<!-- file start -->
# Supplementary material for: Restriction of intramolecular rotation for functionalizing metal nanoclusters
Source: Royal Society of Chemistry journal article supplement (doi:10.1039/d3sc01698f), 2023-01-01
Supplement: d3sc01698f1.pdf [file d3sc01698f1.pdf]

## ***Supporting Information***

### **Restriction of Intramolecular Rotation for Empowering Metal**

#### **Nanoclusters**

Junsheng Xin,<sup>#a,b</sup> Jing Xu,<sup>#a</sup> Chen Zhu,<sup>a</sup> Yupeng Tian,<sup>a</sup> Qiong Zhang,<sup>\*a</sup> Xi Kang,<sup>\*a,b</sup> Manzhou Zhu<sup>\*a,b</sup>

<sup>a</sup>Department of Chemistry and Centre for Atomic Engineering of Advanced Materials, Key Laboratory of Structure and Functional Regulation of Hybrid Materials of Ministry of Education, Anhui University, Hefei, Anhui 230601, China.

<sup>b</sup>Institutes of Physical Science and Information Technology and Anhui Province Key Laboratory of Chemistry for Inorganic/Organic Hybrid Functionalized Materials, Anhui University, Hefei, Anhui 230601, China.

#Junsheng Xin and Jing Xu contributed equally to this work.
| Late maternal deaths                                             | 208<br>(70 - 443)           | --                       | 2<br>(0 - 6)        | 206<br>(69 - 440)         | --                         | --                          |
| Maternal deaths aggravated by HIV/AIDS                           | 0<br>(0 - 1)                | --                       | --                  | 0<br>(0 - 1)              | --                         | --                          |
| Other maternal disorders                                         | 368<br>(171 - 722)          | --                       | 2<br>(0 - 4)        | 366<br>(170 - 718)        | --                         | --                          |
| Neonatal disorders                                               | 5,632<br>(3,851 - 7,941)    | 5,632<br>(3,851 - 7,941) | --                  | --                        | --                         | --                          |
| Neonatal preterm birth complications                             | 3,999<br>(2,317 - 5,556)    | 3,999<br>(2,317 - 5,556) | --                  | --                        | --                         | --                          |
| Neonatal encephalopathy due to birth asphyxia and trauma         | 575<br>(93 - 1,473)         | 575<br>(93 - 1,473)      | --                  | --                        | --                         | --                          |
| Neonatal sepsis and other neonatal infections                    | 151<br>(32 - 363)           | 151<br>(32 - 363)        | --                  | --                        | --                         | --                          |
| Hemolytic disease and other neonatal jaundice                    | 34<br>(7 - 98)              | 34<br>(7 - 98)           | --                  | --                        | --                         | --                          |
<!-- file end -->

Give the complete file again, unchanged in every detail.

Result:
# Supplementary material for: Restriction of intramolecular rotation for functionalizing metal nanoclusters
Source: Royal Society of Chemistry journal article supplement (doi:10.1039/d3sc01698f), 2023-01-01
Supplement: d3sc01698f1.pdf [file d3sc01698f1.pdf]

## ***Supporting Information***

### **Restriction of Intramolecular Rotation for Empowering Metal**

#### **Nanoclusters**

Junsheng Xin,<sup>#a,b</sup> Jing Xu,<sup>#a</sup> Chen Zhu,<sup>a</sup> Yupeng Tian,<sup>a</sup> Qiong Zhang,<sup>\*a</sup> Xi Kang,<sup>\*a,b</sup> Manzhou Zhu<sup>\*a,b</sup>

<sup>a</sup>Department of Chemistry and Centre for Atomic Engineering of Advanced Materials, Key Laboratory of Structure and Functional Regulation of Hybrid Materials of Ministry of Education, Anhui University, Hefei, Anhui 230601, China.

<sup>b</sup>Institutes of Physical Science and Information Technology and Anhui Province Key Laboratory of Chemistry for Inorganic/Organic Hybrid Functionalized Materials, Anhui University, Hefei, Anhui 230601, China.

#Junsheng Xin and Jing Xu contributed equally to this work.
| Late maternal deaths                                             | 208<br>(70 - 443)           | --                       | 2<br>(0 - 6)        | 206<br>(69 - 440)         | --                         | --                          |
| Maternal deaths aggravated by HIV/AIDS                           | 0<br>(0 - 1)                | --                       | --                  | 0<br>(0 - 1)              | --                         | --                          |
| Other maternal disorders                                         | 368<br>(171 - 722)          | --                       | 2<br>(0 - 4)        | 366<br>(170 - 718)        | --                         | --                          |
| Neonatal disorders                                               | 5,632<br>(3,851 - 7,941)    | 5,632<br>(3,851 - 7,941) | --                  | --                        | --                         | --                          |
| Neonatal preterm birth complications                             | 3,999<br>(2,317 - 5,556)    | 3,999<br>(2,317 - 5,556) | --                  | --                        | --                         | --                          |
| Neonatal encephalopathy due to birth asphyxia and trauma         | 575<br>(93 - 1,473)         | 575<br>(93 - 1,473)      | --                  | --                        | --                         | --                          |
| Neonatal sepsis and other neonatal infections                    | 151<br>(32 - 363)           | 151<br>(32 - 363)        | --                  | --                        | --                         | --                          |
| Hemolytic disease and other neonatal jaundice                    | 34<br>(7 - 98)              | 34<br>(7 - 98)           | --                  | --                        | --                         | --                          |